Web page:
mardi, juin 22, 2010
Recently, as have many of us, I've been forced to grapple with the question: why, exactly, are we in Afghanistan?
Oh yes, of course...to fight the Taliban and go after Al Quaeda.
After thousands of Afghan civilians have died, and the toll on our own soldiers increases almost each day, it seems fair to ask: are we accomplishing our mission?
And beyond that -- do Americans really support this war?
My mind went back to quite a different war a few days ago -- one which must have appeared also as if it would go on until every young man was killed.
It had taken me almost a year to look for the weapon we had packed last August when we moved furniture out of my dad's home for the last time.
As I noted here last year, we had no idea why dad had a bayonet. Stuck in the back of his office closet, it may have been left by a previous owner.
And if Mr. C hadn't pestered me to look for it, I would have been happy to wait another six months or so to unpack it.
After all, my sister wanted to destroy it. But I argued that we should keep it, that its historic value trumped the fact that it was constructed only to butcher.
She and her boyfriend had wrapped it in so much cloth that it took quite a while to unwrap it and see the blade shining through the leather.
Personally, I didn't think it had lost it's power to terrorize. As we looked at the hilt, we could make out the date: 1861, the city: Hartford, Connecticut. We think that the manufacturer was one Collins & Co -- but an appraiser will have to let us know.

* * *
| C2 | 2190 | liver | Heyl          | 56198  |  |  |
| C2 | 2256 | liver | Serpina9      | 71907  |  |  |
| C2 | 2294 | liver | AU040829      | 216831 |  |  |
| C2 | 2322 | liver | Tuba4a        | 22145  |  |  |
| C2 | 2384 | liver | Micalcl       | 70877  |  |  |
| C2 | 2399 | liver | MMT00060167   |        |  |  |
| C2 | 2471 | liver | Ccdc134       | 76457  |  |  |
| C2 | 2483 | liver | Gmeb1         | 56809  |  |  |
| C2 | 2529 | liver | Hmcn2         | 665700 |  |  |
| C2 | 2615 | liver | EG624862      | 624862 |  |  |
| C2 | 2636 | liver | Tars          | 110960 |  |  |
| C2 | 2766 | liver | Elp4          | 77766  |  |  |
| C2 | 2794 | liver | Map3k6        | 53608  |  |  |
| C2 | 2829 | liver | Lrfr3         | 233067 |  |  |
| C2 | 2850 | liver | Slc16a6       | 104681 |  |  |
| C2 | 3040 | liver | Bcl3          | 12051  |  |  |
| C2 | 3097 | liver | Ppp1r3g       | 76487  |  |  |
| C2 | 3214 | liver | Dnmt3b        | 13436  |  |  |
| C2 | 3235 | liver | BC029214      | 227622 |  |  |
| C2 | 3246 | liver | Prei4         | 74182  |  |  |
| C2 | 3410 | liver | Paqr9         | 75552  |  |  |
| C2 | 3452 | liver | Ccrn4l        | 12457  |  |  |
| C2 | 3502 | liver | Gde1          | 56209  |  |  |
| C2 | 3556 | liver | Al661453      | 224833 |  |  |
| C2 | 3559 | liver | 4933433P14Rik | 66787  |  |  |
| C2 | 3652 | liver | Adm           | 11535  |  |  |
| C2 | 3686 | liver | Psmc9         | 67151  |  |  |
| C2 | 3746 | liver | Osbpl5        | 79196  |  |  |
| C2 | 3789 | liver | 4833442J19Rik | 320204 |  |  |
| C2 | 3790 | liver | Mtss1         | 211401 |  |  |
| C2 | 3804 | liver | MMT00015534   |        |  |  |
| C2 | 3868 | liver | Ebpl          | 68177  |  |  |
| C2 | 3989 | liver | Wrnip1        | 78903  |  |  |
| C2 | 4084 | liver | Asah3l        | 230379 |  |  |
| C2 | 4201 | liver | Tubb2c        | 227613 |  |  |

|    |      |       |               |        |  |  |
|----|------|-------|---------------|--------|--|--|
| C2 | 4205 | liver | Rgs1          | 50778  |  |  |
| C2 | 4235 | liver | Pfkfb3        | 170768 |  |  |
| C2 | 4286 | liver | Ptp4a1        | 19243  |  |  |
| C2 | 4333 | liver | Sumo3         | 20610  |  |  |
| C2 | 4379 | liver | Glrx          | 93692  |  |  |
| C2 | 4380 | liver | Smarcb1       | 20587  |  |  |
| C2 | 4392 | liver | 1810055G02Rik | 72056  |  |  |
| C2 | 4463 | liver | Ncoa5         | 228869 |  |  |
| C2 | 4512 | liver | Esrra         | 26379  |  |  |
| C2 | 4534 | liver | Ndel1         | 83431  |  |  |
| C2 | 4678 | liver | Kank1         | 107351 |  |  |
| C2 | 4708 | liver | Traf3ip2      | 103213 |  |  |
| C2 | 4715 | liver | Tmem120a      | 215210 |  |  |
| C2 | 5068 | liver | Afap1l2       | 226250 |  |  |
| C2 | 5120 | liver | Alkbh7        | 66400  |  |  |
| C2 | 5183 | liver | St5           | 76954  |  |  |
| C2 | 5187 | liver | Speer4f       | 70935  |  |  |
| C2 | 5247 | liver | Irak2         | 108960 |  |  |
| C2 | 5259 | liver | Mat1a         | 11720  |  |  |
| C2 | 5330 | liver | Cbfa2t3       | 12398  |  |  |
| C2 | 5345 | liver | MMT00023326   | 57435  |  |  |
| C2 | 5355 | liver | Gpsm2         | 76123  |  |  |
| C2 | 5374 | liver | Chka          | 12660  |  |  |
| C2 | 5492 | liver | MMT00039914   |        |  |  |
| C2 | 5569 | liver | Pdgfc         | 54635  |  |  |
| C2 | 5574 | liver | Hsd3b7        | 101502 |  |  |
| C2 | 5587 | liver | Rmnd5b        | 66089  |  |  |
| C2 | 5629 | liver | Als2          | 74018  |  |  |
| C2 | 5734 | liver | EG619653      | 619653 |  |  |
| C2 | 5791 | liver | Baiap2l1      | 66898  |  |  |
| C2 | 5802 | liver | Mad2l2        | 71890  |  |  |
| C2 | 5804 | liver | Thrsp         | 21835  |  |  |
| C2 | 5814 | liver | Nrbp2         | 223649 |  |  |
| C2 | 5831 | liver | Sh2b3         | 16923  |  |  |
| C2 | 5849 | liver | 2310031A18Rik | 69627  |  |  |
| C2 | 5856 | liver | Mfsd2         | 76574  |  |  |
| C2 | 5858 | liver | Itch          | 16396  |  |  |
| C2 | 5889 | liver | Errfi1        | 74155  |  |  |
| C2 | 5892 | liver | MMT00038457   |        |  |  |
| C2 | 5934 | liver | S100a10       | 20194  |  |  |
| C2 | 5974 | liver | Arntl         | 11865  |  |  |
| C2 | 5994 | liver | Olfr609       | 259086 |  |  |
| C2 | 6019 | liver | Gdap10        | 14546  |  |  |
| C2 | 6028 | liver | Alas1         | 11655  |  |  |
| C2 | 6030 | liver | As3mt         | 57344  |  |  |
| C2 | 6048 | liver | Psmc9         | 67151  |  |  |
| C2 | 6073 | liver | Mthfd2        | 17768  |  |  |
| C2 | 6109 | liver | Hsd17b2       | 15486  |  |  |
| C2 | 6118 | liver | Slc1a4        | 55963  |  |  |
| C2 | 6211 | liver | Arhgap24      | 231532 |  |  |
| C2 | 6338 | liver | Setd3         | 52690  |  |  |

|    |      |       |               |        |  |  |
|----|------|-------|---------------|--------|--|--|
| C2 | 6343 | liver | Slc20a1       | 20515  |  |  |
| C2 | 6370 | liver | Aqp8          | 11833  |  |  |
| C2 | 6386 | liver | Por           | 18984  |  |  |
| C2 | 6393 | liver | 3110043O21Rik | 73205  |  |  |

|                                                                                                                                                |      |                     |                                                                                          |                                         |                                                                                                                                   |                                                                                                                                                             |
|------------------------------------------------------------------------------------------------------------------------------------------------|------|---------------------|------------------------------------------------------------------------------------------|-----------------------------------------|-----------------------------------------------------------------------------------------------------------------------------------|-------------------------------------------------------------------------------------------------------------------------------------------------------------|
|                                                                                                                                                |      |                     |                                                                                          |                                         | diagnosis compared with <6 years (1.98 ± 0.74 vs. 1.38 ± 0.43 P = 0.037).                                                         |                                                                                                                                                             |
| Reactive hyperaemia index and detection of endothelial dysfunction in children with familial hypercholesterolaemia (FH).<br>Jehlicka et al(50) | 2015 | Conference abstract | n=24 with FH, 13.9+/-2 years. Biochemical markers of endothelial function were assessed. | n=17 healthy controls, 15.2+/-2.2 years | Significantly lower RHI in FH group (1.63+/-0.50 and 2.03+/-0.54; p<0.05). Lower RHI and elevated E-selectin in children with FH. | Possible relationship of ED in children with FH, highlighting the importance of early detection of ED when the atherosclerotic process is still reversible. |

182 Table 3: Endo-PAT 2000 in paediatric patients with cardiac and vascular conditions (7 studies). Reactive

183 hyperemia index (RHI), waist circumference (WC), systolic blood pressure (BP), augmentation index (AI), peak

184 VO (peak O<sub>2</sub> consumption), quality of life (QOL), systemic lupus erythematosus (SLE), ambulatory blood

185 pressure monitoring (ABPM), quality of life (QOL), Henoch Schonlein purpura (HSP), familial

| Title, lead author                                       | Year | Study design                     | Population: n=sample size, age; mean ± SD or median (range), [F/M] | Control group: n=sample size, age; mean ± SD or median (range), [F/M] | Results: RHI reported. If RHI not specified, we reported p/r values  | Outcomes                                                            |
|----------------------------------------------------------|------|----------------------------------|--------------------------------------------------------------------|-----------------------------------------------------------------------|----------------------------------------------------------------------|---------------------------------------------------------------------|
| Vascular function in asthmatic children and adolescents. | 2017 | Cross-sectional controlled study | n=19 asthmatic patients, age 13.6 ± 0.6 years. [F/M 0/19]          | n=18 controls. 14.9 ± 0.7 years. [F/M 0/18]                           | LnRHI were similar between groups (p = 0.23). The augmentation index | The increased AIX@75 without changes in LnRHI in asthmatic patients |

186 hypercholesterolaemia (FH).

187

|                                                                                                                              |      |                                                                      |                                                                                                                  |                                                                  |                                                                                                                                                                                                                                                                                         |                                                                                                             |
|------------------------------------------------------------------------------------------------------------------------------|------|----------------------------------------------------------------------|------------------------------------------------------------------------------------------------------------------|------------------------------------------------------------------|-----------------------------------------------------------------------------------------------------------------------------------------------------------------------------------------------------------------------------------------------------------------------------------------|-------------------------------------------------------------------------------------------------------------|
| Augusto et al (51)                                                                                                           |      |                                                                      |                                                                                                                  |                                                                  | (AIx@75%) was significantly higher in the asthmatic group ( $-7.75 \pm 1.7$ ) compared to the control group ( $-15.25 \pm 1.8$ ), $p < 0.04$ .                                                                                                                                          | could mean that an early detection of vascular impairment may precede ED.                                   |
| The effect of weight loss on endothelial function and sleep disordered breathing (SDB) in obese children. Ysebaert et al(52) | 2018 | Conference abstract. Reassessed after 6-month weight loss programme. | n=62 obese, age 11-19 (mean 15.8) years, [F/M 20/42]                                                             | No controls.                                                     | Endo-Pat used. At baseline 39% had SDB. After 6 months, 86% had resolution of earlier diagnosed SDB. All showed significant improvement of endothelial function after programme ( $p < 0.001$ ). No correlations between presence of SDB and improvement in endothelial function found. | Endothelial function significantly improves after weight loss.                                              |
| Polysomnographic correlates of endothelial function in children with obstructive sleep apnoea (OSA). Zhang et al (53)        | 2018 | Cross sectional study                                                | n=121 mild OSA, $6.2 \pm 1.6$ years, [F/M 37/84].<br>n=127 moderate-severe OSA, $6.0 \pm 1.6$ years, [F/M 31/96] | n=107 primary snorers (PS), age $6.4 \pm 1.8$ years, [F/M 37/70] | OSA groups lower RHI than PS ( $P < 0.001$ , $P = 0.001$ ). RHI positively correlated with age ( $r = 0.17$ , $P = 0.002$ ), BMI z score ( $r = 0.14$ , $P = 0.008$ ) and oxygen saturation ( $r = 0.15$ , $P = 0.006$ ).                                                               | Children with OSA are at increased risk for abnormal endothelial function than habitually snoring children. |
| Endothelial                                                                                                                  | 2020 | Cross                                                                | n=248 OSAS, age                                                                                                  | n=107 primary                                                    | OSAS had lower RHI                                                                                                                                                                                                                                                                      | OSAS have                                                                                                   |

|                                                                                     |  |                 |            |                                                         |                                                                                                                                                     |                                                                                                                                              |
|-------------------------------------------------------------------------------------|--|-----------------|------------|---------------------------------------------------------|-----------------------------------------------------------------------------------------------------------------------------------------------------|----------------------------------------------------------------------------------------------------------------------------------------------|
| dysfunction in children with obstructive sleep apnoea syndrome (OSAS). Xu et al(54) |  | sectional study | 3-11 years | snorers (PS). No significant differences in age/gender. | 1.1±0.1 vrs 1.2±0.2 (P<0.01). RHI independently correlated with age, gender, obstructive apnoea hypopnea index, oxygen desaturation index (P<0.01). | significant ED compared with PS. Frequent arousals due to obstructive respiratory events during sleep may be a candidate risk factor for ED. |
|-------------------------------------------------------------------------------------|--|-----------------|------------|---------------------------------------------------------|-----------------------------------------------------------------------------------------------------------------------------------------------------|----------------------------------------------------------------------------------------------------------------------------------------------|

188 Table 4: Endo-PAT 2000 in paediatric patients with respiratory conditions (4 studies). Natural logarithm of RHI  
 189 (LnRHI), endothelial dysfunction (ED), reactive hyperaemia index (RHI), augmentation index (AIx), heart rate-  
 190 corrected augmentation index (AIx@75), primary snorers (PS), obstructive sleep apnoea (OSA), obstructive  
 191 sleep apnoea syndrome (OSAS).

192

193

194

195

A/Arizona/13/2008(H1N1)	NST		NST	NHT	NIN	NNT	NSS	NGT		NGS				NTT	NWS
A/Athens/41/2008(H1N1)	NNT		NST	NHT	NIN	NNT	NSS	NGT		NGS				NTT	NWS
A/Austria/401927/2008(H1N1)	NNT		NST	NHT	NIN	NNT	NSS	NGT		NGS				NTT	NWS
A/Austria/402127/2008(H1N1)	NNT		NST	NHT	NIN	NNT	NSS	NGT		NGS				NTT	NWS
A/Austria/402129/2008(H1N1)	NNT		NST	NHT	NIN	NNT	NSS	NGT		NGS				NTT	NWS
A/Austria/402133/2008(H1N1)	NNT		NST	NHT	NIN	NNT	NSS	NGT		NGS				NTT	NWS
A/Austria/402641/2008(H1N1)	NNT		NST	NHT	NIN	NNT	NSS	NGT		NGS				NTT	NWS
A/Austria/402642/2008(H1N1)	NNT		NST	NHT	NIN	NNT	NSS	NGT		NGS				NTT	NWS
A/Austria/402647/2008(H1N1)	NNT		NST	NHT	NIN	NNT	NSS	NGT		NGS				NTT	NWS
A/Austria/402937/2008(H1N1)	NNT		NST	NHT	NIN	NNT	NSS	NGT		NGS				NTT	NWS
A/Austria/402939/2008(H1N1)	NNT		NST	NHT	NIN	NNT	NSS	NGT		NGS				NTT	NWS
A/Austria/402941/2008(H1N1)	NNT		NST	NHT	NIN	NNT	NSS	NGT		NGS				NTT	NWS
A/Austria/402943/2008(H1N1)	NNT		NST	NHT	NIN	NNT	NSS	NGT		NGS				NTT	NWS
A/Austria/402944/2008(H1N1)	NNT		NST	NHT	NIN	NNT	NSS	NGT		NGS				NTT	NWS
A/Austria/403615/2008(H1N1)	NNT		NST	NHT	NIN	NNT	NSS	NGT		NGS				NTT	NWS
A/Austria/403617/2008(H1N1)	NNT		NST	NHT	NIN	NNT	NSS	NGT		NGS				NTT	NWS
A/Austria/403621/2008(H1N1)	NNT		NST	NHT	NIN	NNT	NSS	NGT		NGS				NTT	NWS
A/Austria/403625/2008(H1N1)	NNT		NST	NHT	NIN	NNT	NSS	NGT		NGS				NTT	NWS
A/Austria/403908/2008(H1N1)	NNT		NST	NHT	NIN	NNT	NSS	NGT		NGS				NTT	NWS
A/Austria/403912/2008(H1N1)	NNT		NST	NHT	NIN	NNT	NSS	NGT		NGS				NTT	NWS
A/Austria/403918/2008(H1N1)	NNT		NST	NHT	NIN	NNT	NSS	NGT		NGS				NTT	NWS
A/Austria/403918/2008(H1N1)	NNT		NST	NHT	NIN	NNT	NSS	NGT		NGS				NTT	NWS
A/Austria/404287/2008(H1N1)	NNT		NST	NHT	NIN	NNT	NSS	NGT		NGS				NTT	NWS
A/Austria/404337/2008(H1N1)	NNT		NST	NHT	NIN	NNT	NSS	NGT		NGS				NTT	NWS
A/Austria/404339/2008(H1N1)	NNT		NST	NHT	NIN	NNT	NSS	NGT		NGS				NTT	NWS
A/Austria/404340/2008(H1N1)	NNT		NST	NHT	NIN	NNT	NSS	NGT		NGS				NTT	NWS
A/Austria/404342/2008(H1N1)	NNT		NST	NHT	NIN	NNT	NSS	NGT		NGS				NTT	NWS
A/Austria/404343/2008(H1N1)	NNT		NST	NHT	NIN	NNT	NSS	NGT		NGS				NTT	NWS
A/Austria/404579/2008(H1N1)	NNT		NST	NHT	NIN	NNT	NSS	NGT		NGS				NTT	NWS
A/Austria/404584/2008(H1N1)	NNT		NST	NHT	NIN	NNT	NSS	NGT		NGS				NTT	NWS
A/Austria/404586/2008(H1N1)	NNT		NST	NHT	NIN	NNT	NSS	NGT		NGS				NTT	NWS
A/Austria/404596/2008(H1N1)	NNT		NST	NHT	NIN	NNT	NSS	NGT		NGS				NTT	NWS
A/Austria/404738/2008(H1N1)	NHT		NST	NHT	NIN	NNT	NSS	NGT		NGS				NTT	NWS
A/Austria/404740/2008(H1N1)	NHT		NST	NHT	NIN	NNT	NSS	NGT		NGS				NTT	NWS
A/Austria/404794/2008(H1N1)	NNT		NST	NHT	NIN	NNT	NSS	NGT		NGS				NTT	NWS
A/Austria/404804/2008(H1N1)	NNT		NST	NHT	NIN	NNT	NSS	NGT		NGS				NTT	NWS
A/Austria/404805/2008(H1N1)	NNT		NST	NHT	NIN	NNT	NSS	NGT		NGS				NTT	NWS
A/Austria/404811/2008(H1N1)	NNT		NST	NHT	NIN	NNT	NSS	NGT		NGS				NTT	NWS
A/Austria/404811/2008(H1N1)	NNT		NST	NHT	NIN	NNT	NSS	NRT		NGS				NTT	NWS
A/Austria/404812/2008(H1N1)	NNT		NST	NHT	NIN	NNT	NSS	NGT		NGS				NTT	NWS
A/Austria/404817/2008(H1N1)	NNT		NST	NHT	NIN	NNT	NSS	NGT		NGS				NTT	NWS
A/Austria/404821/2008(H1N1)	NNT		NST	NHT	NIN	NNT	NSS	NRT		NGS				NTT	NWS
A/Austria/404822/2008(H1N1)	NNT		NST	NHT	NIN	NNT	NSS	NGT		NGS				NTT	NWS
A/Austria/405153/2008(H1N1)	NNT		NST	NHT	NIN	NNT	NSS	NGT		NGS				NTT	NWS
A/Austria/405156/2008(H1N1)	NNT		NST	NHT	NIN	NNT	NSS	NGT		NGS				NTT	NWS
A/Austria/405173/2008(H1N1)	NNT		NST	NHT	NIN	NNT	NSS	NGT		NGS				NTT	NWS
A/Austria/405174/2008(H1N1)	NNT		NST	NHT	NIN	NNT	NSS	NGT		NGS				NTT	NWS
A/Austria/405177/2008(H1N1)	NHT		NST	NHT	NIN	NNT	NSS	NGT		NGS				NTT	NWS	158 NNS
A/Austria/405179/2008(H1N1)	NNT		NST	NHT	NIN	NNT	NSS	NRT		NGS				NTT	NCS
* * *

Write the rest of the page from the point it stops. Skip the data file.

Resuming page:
I have no desire to make money off the bayonet, but I do want to know some of the history around its manufacturing before we give it to a museum -- if they want it. We'll not know if it was passed on to someone by a father, or a grandfather or a widow who wanted their child to remember what it was like to fight and perhaps die for the cause of national unity.
Apparently bayonets rarely killed -- the guns got the enemy first.
The bayonet lies safe in a closet at the house of a friend -- awaiting that time when we will surrender this part of our history, and hand it over to become, much more appropriately, part fo the history of our nation.
Wikimedia Commons Picture